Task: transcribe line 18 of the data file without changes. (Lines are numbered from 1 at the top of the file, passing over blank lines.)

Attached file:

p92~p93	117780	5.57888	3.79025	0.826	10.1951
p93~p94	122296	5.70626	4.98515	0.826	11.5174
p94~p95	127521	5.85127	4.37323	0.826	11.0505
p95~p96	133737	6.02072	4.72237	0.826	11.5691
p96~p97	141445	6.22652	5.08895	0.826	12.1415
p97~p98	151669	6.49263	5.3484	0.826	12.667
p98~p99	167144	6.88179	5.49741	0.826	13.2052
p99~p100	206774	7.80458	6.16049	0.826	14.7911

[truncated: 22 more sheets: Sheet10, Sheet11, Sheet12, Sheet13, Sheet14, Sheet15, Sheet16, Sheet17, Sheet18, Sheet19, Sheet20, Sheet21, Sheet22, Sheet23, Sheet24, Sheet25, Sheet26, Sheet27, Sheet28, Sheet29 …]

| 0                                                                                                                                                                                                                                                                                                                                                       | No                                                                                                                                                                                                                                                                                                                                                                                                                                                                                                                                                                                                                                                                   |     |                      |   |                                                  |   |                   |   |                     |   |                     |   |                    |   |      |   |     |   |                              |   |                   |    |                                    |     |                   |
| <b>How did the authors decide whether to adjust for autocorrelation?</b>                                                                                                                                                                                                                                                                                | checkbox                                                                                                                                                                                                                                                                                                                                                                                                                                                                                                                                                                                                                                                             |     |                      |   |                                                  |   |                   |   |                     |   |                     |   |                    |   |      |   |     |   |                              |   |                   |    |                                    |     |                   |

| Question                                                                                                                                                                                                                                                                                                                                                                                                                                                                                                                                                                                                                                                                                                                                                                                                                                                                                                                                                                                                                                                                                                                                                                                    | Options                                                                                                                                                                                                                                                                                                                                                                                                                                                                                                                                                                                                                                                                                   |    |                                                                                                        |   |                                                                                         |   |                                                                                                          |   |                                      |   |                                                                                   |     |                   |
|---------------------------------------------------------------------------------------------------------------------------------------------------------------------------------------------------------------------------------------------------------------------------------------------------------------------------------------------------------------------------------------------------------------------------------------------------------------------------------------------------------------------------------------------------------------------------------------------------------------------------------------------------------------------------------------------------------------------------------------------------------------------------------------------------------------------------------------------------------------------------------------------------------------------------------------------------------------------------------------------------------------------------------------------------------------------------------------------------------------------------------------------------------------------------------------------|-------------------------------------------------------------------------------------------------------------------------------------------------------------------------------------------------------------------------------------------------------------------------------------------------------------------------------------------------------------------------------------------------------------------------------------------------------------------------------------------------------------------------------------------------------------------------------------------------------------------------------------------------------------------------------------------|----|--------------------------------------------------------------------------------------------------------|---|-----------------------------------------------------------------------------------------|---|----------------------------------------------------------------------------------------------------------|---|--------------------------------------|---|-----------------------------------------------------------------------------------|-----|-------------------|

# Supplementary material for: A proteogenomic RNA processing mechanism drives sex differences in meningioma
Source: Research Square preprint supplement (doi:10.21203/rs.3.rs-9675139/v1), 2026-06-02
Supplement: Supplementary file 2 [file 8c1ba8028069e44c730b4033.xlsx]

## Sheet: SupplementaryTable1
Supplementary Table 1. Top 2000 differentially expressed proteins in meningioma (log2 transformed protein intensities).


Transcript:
Supplementary Table 1. Top 2000 differentially expressed proteins in meningioma (log2 transformed protein intensities).